Soil in the path issubject to compaction; soil in the bed remainsloose
One simple way to determine whether our soil has good structure follows. Squeeze a sample of reasonably moist soil +rmly in your hand. Then open your hand. If the soil falls apart easily, it does not have good structure. If it holds the shape of your hand even when you press it gently with the +ngers of your other hand, it does not have good structure. If the soil breaks apart into small clumps when you press it with your +ngers, it probably has good structure.
When surface cultivation is used, compost made without soil will be used because soil will not be removed from the bed during the soil preparation process. Whenever the lower soil becomes compacted, the bed may be double-dug again to encourage reestablishment of a well-aerated structure. Remember that structure is di)erent from texture. The texture is determined by its basic ingredients: silt, clay, and sand particles. The soil structure is the way these ingredients hold together.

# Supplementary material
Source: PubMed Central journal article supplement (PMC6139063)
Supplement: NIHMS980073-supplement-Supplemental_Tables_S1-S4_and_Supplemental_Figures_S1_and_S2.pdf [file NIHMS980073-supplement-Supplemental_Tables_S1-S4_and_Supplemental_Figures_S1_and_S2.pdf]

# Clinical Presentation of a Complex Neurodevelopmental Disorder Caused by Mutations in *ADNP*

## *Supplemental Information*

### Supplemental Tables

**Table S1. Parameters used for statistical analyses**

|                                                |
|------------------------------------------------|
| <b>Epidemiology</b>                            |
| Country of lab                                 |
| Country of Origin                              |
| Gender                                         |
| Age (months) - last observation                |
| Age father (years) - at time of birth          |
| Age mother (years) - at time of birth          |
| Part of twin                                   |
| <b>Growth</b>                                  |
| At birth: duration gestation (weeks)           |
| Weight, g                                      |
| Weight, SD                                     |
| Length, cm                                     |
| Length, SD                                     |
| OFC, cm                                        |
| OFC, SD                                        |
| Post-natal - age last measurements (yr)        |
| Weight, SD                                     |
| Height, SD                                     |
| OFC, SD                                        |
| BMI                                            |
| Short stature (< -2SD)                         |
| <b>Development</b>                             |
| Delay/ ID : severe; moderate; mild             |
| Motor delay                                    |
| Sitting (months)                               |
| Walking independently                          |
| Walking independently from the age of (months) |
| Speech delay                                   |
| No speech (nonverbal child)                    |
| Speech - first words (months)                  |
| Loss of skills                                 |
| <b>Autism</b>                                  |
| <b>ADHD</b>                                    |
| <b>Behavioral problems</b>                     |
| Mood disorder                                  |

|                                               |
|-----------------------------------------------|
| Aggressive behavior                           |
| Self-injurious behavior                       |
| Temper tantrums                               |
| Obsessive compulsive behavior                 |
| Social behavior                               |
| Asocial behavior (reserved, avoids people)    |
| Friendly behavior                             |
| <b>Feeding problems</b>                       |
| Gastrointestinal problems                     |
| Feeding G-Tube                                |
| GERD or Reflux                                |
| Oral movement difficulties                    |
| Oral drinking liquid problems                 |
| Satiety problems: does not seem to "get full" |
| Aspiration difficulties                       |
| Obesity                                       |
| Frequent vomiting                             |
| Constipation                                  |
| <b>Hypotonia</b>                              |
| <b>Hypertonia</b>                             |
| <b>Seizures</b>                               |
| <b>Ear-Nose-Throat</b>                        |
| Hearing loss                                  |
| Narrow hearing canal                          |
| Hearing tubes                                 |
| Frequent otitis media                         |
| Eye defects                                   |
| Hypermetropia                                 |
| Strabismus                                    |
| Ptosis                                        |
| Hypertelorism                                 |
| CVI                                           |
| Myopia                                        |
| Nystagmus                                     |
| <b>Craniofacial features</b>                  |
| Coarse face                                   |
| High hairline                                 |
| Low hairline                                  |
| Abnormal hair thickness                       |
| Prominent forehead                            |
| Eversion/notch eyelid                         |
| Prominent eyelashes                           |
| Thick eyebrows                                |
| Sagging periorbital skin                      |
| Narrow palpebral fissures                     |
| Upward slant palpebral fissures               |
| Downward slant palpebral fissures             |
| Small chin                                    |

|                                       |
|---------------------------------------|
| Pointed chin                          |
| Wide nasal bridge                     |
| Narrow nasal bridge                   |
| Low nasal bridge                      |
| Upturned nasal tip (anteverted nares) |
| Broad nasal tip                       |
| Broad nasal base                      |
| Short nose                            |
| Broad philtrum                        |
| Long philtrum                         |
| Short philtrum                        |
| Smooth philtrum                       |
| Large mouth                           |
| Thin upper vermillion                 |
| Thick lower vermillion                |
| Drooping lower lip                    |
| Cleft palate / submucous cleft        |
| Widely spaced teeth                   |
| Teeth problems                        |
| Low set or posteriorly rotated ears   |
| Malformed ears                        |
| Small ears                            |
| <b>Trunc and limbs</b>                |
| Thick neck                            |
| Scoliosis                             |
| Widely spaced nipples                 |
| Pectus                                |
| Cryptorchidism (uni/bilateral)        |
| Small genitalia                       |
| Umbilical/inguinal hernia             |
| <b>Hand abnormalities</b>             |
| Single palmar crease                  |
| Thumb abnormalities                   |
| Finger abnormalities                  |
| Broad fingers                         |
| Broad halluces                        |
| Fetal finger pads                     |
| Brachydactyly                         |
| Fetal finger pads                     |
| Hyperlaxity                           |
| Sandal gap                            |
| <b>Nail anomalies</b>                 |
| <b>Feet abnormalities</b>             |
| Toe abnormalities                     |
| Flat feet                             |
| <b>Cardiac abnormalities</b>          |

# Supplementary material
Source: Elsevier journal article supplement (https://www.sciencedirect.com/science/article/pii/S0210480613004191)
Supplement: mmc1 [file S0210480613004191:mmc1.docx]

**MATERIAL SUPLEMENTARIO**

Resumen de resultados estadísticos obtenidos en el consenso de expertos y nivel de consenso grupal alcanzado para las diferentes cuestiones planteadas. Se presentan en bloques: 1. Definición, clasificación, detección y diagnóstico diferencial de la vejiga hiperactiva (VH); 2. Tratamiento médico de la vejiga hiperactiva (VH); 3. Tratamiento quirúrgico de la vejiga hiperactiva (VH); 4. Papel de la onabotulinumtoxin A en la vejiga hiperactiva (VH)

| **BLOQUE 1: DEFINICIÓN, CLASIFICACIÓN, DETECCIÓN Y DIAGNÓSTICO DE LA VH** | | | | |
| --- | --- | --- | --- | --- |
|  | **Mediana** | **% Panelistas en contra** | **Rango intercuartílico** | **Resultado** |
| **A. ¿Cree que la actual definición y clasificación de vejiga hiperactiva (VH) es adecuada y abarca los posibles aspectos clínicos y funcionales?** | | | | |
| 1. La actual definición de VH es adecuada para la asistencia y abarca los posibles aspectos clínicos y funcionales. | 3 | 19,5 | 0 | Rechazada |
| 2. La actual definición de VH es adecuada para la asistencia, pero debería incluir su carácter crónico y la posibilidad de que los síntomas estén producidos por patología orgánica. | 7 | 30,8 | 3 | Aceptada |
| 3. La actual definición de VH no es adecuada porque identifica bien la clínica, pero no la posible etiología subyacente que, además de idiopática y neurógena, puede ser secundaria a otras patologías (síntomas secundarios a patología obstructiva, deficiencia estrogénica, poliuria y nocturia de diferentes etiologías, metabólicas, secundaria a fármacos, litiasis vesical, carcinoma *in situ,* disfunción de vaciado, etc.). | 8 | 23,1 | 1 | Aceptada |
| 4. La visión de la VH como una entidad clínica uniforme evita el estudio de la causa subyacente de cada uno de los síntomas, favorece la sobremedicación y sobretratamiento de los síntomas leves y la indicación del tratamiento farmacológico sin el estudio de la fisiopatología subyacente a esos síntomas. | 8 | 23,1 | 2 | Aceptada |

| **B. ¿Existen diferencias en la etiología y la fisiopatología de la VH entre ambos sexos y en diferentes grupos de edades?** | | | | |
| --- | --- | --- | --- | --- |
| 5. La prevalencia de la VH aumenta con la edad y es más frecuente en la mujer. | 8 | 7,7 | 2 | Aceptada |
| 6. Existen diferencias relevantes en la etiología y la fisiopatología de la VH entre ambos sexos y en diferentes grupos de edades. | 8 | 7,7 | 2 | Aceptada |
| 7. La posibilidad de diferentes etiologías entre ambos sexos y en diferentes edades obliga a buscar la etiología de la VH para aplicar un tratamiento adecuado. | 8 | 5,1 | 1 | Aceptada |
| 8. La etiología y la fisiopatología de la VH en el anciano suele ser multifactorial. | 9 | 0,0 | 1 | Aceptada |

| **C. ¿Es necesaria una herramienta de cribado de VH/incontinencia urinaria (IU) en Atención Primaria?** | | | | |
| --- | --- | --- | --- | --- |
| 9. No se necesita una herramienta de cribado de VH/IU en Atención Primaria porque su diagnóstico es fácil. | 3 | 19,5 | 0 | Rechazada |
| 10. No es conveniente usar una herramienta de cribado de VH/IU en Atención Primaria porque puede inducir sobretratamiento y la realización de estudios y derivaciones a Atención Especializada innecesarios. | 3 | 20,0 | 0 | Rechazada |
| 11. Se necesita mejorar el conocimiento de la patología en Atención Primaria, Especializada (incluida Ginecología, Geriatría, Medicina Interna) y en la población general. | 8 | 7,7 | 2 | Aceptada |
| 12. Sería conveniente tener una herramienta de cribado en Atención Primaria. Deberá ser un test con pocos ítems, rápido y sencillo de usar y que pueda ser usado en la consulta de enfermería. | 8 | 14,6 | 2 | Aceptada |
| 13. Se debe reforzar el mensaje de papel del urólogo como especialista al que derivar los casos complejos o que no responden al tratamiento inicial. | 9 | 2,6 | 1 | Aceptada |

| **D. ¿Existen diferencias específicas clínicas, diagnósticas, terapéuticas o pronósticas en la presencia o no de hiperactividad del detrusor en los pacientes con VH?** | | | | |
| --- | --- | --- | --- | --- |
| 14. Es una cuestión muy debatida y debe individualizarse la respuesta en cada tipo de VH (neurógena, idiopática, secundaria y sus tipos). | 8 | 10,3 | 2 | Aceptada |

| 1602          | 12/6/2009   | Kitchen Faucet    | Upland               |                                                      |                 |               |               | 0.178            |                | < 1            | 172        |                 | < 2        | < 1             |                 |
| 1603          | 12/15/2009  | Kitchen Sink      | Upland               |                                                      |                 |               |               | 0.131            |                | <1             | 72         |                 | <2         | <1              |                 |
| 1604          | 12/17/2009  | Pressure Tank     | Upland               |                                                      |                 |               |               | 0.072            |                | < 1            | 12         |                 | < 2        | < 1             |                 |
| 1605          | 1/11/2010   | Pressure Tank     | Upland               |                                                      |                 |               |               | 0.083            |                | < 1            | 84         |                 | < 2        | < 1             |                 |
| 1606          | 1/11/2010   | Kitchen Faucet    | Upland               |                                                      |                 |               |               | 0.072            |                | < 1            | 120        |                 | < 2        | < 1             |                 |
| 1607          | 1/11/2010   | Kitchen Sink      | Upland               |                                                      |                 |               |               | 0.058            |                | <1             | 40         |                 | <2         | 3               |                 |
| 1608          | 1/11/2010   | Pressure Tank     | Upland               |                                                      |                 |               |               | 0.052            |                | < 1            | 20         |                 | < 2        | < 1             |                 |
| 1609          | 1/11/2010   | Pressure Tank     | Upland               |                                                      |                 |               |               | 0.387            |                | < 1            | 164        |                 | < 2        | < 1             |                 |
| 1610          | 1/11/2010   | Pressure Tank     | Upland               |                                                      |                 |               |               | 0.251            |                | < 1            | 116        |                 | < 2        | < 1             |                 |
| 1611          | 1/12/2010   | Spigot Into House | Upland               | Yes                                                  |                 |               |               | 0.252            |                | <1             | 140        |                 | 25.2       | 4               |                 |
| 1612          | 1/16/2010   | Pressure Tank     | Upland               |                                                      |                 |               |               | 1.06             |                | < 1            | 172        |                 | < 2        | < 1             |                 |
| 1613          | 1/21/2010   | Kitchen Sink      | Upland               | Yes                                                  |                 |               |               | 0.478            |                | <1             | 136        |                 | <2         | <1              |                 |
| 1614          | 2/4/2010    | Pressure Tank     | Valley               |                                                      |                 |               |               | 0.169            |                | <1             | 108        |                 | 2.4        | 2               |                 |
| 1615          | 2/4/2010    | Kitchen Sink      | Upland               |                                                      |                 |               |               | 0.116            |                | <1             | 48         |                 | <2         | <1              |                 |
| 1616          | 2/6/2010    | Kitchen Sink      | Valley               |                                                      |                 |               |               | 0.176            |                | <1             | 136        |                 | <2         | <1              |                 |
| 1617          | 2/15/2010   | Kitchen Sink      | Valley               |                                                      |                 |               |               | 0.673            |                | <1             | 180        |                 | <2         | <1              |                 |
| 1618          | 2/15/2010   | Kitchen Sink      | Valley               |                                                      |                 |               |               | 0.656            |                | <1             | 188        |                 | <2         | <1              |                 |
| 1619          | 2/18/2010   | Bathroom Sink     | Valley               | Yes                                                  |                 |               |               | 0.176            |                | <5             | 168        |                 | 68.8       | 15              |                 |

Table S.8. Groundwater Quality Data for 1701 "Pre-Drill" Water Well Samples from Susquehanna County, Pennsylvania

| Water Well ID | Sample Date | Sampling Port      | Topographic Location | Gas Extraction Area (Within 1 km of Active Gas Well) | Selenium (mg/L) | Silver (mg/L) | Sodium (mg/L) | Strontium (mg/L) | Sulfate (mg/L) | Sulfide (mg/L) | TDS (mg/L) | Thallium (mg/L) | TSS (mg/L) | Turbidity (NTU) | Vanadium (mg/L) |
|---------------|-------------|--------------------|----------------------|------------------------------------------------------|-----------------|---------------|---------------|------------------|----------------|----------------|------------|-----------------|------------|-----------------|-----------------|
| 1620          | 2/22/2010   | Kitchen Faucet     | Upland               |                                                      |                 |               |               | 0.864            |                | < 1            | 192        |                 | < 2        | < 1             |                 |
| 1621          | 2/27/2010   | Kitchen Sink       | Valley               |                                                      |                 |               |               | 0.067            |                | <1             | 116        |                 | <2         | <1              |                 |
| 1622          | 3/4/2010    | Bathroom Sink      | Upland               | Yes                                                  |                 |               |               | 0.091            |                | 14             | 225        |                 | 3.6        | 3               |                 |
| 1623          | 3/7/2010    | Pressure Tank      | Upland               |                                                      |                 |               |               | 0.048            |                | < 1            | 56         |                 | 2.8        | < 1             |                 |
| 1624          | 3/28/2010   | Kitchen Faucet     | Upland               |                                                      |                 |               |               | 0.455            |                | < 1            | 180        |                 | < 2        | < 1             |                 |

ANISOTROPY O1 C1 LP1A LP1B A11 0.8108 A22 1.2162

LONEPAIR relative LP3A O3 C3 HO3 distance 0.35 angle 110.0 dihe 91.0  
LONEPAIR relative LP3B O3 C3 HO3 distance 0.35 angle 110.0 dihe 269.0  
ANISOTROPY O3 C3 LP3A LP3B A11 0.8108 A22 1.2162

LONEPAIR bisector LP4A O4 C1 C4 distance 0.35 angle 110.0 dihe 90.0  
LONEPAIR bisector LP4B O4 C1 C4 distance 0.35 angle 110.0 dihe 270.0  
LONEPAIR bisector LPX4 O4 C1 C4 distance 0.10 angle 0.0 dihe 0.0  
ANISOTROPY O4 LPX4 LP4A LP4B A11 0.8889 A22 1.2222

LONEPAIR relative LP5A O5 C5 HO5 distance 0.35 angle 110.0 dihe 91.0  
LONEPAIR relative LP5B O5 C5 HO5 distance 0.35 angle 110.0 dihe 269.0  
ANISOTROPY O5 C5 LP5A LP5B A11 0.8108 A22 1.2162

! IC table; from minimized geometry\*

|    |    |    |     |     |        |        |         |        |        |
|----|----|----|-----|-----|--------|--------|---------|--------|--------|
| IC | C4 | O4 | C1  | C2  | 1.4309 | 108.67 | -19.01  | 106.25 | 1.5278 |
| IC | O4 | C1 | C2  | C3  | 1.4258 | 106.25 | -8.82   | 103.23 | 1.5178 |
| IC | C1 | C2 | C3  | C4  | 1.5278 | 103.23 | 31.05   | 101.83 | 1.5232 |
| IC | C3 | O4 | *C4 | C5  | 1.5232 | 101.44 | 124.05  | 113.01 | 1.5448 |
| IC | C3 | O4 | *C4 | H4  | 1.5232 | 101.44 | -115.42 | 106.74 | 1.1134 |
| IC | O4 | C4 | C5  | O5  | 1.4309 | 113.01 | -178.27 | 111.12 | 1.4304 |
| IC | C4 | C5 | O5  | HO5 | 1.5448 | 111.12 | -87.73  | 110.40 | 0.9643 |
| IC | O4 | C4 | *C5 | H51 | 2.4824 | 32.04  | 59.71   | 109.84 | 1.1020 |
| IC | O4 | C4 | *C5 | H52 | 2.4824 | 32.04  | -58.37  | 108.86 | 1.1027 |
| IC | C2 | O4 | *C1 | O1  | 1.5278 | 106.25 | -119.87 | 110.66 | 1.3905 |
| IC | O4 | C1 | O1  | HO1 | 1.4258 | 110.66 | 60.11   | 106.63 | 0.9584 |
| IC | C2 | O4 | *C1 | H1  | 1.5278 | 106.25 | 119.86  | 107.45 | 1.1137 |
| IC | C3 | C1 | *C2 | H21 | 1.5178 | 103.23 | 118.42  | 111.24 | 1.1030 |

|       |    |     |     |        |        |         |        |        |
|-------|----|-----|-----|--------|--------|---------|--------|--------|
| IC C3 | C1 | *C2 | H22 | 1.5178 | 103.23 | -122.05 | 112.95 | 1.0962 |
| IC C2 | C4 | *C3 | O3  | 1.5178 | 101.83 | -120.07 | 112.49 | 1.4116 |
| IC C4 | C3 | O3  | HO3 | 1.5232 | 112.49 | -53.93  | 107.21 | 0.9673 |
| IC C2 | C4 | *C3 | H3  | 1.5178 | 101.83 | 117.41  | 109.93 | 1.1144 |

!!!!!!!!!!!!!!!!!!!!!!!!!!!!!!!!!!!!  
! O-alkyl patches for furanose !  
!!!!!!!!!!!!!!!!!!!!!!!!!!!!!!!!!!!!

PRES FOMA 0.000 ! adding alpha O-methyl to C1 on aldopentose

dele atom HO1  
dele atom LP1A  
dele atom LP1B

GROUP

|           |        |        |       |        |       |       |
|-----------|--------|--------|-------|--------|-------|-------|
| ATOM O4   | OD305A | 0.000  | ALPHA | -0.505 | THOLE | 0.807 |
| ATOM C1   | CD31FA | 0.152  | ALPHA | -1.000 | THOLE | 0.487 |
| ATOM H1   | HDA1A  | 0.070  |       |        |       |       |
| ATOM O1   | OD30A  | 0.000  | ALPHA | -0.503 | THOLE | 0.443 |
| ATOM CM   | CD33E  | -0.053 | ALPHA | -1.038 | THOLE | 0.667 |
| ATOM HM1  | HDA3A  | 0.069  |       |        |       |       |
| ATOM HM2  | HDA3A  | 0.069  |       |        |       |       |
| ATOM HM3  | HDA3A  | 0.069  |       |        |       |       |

With your assistance, sticky “threads” exuded by microbial life and the roots produced by the plants help to loosen a clay soil and produced by the plants help to loosen a clay soil and improve a sandy soil.1 The goal is to create a sumptuous “living sponge cake.” Bon appétit! The loosened soil of the planting bed makesweeding easier. The GROWBIOINTENSIVE raised bed. A balance between nature’snatural stratification and our loosened land-sliding soil.
Once the bed is prepared, you will truly appreciate its width. The distance between the tips of your +ngers and your nose is about 3 feet when your arm is extended out to the side. Thus a 3- to 5-foot-wide bed can be fertilized, planted, weeded, and harvested from each side fertilized, planted, weeded, and harvested from each side with relative ease, and insects can be controlled without walking on the bed.
A 3- to 5-foot width also allows a good mini-climate to develop under closely spaced plants. You may wish to use a narrower bed, 1½ to 2½ feet wide, for plants supported by stakes, such as tomatoes, pole beans, and pole peas, for easier harvesting.